It’s really excellent marketing: Beautiful celebrity (Jessica Alba). Two adorable children. Add in the facts that natural products are all the rage and a population of mothers who will go to great lengths to protect their children, and voila! – honest products are born.
Unfortunately, my problem with honest products is that they keep saying their products are “non-toxic.” This somehow implies that other products are “toxic” or contain ingredients that are, which is not the case.
Despite popular belief right now, just about all (if not all) ingredients are safe in the concentrations they are used in skin care and cosmetics. While I think places like the Skin Deep Database and others may mean well by flagging studies, I feel these databases are best for review by scientists, not the general public. For instance, parabens are proven to be “toxic” in doses 20,000 or more times the average concentration in skin care and cosmetics – but so is vitamin C! It takes years of scientific training and patience to review dozens of studies to come to educated conclusions on whether or not ingredients are safe.
Example: honest Hand Soap
Take, for instance, honest Hand Soap. The problem with the ingredients here is that there is a high concentration of sulfate, which is known to be drying to the skin. The brand tries to get around this by using sodium coco sulfate instead of sodium lauryl sulfate, which is something of an improvement, but it is still somewhat drying. In fact, sodium coco sulfate itself has been shown to be drying in studies amongst hairdressers (Contact Dermatitis, 1994).
Another problem is the inclusion of citral. I see what honest is trying to do – they include citral from lemongrass, so it sounds more natural and safe. But citral is a known skin irritant (Journal of the American Academy of Dermatology, 2008). It also has been shown to make skin more sensitive to the sun (NYU.edu, amongst others). In the concentration citral is included in honest Hand Soap, it’s not likely to be a problem – but I still wouldn’t use it without sunscreen layered over top.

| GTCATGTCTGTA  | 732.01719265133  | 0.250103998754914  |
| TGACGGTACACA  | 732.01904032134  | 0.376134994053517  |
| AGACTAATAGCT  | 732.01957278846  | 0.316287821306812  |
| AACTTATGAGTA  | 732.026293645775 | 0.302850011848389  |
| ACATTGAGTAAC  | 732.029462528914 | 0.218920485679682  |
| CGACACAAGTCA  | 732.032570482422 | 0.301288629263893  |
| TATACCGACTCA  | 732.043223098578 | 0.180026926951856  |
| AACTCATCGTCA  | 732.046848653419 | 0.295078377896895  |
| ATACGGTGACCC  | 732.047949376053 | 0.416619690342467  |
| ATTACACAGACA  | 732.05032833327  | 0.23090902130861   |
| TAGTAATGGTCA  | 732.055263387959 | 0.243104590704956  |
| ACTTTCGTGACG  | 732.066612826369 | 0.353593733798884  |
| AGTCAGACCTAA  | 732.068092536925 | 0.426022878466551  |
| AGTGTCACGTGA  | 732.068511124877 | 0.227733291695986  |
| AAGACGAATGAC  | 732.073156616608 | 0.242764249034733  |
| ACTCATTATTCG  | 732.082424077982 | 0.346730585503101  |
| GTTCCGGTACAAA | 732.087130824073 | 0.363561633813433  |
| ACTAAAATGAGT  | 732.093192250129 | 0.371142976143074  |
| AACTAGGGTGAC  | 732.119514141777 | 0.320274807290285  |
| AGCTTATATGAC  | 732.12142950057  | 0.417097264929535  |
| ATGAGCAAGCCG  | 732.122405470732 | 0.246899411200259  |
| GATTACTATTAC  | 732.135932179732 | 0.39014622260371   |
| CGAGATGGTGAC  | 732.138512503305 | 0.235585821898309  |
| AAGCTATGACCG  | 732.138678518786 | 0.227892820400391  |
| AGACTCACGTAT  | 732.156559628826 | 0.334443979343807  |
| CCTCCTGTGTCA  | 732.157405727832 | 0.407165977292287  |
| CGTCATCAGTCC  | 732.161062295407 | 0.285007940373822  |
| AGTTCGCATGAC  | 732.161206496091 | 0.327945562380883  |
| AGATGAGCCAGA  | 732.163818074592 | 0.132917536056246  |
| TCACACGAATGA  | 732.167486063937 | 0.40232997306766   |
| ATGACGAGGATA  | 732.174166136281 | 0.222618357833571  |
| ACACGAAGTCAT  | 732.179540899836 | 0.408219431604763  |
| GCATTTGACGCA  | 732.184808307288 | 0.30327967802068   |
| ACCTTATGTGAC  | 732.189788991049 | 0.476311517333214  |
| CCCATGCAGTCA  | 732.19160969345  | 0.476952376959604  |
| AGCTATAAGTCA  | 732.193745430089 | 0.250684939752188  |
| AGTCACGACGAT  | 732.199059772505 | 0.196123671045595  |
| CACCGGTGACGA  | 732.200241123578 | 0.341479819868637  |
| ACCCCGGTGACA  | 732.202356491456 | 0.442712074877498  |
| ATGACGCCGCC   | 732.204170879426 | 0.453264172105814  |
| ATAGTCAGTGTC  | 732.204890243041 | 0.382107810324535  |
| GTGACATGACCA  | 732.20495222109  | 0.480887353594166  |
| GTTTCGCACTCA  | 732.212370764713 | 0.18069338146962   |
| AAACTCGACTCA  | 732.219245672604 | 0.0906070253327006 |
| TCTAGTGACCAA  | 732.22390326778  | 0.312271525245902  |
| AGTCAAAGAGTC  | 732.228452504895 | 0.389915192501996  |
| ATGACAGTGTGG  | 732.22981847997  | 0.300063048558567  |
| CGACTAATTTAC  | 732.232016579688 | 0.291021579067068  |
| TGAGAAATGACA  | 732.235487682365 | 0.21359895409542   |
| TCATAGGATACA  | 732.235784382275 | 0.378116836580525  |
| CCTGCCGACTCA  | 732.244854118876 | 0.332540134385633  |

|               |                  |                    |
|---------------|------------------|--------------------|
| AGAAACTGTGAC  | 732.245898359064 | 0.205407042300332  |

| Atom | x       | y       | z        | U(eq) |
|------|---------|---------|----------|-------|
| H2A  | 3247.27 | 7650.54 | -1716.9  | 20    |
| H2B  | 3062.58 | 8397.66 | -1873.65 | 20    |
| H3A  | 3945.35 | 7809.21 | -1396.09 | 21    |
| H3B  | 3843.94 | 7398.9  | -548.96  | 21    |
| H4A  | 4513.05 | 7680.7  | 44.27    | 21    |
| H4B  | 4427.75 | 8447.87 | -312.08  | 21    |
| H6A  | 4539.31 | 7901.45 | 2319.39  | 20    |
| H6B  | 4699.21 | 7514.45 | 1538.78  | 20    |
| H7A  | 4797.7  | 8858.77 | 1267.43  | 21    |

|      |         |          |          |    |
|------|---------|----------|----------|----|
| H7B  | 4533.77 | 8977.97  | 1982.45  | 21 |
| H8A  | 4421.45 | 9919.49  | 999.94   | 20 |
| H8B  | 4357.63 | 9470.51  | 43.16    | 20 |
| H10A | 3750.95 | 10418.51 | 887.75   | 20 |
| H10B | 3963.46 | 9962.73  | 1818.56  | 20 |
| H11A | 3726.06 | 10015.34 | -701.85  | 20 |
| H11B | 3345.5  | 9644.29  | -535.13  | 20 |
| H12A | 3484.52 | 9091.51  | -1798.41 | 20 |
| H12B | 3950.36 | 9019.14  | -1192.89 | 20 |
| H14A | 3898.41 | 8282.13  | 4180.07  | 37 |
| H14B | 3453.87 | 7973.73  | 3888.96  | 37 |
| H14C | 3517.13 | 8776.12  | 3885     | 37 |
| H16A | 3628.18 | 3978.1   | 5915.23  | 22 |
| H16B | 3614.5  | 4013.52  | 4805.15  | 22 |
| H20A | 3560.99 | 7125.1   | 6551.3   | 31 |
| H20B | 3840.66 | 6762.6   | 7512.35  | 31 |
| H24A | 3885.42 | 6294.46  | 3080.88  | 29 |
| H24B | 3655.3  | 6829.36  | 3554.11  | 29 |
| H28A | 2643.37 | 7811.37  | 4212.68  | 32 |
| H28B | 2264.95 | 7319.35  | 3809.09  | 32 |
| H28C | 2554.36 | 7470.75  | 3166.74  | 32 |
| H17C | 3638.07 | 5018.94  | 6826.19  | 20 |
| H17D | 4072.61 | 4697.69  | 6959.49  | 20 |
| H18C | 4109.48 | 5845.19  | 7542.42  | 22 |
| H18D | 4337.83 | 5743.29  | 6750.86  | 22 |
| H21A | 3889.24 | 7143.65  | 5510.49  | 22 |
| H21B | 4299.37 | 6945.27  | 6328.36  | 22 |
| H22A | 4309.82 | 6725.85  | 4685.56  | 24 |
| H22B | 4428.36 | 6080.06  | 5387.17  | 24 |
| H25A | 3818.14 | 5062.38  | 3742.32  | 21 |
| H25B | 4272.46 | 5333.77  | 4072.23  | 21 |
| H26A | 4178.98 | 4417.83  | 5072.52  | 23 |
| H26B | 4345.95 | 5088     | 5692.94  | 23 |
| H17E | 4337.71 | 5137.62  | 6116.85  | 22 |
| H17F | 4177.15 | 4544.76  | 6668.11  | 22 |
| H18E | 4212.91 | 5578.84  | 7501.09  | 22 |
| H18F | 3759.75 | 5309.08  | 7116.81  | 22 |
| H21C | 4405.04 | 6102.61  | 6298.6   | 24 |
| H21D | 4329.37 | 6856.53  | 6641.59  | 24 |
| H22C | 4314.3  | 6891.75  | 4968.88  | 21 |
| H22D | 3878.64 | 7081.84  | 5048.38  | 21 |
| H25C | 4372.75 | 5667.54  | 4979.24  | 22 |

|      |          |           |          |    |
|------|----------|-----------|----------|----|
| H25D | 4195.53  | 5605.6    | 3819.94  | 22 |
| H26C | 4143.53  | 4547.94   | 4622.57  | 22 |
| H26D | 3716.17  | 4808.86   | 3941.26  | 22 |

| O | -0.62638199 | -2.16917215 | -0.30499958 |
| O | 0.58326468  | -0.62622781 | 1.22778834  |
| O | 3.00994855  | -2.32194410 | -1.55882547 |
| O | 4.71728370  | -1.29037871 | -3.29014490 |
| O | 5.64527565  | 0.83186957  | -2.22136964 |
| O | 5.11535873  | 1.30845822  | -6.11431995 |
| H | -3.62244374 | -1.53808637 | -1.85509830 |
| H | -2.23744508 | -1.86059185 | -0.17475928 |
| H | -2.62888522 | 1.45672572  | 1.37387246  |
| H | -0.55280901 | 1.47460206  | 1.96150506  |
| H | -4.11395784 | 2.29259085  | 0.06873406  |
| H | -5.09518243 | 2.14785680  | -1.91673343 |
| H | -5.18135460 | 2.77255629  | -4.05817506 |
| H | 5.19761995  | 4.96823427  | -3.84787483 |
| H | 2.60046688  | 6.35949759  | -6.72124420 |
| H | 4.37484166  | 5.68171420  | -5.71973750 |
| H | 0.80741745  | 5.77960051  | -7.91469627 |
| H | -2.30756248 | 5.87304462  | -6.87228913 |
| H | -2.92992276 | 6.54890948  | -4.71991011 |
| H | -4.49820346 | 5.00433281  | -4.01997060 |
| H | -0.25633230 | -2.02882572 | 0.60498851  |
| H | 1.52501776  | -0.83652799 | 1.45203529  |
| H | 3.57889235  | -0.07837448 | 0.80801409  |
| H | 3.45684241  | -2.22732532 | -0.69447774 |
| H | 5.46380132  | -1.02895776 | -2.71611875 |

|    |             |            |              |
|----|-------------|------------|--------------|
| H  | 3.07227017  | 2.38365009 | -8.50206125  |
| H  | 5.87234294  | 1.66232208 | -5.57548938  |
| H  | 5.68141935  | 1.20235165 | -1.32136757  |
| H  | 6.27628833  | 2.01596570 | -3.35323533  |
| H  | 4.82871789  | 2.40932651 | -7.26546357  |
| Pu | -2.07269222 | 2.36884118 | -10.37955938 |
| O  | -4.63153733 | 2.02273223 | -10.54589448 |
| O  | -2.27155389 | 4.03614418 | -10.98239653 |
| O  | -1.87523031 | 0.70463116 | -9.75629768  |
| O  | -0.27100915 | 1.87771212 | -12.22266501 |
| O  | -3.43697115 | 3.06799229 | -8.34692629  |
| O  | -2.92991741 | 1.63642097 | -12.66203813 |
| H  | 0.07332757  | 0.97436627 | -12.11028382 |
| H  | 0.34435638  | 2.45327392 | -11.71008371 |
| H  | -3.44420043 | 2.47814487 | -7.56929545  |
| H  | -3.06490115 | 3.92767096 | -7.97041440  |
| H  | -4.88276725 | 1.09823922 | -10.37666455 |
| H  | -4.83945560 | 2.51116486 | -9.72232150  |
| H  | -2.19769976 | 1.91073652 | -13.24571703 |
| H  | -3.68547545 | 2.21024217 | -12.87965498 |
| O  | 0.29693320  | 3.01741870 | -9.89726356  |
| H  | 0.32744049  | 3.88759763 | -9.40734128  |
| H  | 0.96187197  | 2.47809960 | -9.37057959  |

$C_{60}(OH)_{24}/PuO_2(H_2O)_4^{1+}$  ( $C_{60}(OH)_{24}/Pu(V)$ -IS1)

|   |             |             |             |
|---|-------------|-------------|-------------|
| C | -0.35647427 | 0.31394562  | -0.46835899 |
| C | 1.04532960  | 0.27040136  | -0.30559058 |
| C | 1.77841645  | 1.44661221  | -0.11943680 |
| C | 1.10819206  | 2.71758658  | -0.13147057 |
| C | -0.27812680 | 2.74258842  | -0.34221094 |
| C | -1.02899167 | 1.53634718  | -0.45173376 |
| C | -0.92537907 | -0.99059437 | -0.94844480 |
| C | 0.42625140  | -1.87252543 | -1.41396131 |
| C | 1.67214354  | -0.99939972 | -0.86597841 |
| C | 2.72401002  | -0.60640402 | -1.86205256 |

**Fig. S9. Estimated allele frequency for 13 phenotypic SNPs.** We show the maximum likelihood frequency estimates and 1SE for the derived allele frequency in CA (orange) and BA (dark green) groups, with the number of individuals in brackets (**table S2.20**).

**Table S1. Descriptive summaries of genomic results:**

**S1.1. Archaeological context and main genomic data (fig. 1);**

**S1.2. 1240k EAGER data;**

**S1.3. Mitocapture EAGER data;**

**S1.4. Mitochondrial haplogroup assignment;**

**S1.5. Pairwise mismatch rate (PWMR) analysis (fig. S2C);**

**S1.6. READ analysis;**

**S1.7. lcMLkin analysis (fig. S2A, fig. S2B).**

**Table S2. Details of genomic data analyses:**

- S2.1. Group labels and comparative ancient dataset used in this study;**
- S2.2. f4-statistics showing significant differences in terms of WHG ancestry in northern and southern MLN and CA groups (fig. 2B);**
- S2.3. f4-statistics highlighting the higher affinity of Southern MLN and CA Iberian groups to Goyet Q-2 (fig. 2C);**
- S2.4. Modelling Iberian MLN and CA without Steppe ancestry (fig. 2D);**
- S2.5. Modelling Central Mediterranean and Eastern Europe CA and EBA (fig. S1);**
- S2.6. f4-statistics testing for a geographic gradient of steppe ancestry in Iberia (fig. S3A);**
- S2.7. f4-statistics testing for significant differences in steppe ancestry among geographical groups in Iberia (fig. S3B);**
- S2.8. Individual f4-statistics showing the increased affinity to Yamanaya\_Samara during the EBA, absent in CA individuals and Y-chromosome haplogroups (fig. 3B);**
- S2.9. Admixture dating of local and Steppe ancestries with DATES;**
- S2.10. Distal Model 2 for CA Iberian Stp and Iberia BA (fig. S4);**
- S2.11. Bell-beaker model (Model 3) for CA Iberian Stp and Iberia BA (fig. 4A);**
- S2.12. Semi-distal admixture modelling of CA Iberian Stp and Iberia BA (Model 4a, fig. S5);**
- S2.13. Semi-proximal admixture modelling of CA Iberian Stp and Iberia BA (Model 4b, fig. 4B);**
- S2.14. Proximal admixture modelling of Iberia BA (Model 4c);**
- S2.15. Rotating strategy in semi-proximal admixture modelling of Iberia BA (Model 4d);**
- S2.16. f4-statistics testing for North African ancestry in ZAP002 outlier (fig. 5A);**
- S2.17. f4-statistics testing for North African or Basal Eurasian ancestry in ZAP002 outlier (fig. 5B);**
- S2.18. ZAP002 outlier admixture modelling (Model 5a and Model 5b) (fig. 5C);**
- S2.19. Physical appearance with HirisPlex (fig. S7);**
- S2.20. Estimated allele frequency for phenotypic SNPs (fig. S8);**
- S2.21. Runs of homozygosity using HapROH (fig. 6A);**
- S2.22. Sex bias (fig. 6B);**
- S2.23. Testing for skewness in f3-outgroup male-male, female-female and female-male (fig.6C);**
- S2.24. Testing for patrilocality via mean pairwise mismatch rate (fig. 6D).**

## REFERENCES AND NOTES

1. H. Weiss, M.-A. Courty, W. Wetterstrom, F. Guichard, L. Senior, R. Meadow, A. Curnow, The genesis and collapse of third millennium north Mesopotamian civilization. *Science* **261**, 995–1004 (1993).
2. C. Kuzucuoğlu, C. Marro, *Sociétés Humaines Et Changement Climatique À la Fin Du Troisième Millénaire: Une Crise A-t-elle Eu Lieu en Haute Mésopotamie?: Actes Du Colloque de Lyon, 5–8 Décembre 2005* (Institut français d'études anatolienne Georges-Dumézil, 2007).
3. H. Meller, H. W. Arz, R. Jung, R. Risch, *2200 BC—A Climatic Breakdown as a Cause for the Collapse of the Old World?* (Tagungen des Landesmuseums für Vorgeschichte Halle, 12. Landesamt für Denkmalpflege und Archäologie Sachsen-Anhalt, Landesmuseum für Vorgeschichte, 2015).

My final problem with this product is the lack of bacterial/fungal preservatives. The best known system is parabens, but this product is paraben-free. So I question the shelf life of this product, as well as its ability to resist germs over time. Have we all forgotten that many illnesses and diseases spread through bacterial growth and proliferation?! And please, don’t even get me started on the hand ‘sanitizer’. Sigh.
Product Rating: 3/10
Purified Water, Cocamidopropyl Betaine (coconut-based cleanser), Sodium Coco Sulfate (coconut-based cleanser), Cocamidopropylamine Oxide (coconut-based cleanser), Glycerin (plant-based moisturizer), Citrus Grandis (grapefruit) Seed Extract, Cymbopogon Schoenanthus Oil (N.O.P. certified organic lemongrass oil), Phenoxyethanol (pH-sensitive preservative), Citral (lemongrass oil-based) and Benzyl Benzoate (lemongrass oil-based)
Example 2: honest Sunscreen SPF 30
I like this one a lot. Zinc oxide is my all-time favorite form of sunscreen. As a physical blocker – as only zinc and titanium oxides are – it doesn’t need to be absorbed into the skin for 30 minutes in order to be effective. Just slather it on and go.
Of zinc and titanium, I do prefer zinc oxide, as it blocks a significantly longer portion of UVA rays (Skin Pharmacology and Physiology, 2005).
I also like that this product declares that it contains extra virgin olive oil. Extra virgin olive oil comes from the first pressing of the olives, and is believed to have a higher nutrient content than other types. Yet less than 40% of olive oils tested met requirements for extra virgin olive oil labeling, and even less than that in skin care products (The New Yorker, 2007). So the fact honest Sunscreen contains certified extra virgin olive oil impresses me.
So while it’s not the most cosmetically appealing sunscreen in the world – those contain micronized zinc oxide – I do like this product.
Product Rating: 9/10
Jessica Alba is a beautiful woman and superb celebrity, and I’m sure she just wants to do what she believes is best for her children and teach other women to do the same. Unfortunately, just like Jenny McCarthy propagated the belief vaccines were bad and encouraged other mothers to avoid them (to many pediatricians’ despair), the honest products propagate the belief that non-natural products are toxic, when that is not the case at all. The FDA is not involved in a money-making scheme, I promise you: the ingredients groups of FDA scientists declare to be safe really are safe in the concentrations they are used skin care and cosmetics, even cumulatively over time. And the fact every non-company-affiliated dermatologist I have ever interviewed is fine with (or approves of) parabens is further indication that the natural product companies, not the government, are being misleading.
Truth be told, many lines like honest contain natural ingredients like citral and sulfates that can be drying, irritating, and make skin more sensitive to the sun. They also do not contain many preservatives, which makes me question their shelf life, as well as their ability to resist bacterial and fungal growth. And while I would never go so far as to turn the tables and call honest products “toxic,” I would say that these products are not as honest as they are well-intentioned but still somewhat misleading.
While I’m not a fan at all of their messaging, I will be honest and say I do not like their Hand Soap, Hand Sanitizer, or Bug Spray at all, but think their sunscreen is superb and Body Oil is nice.
Hope this helps!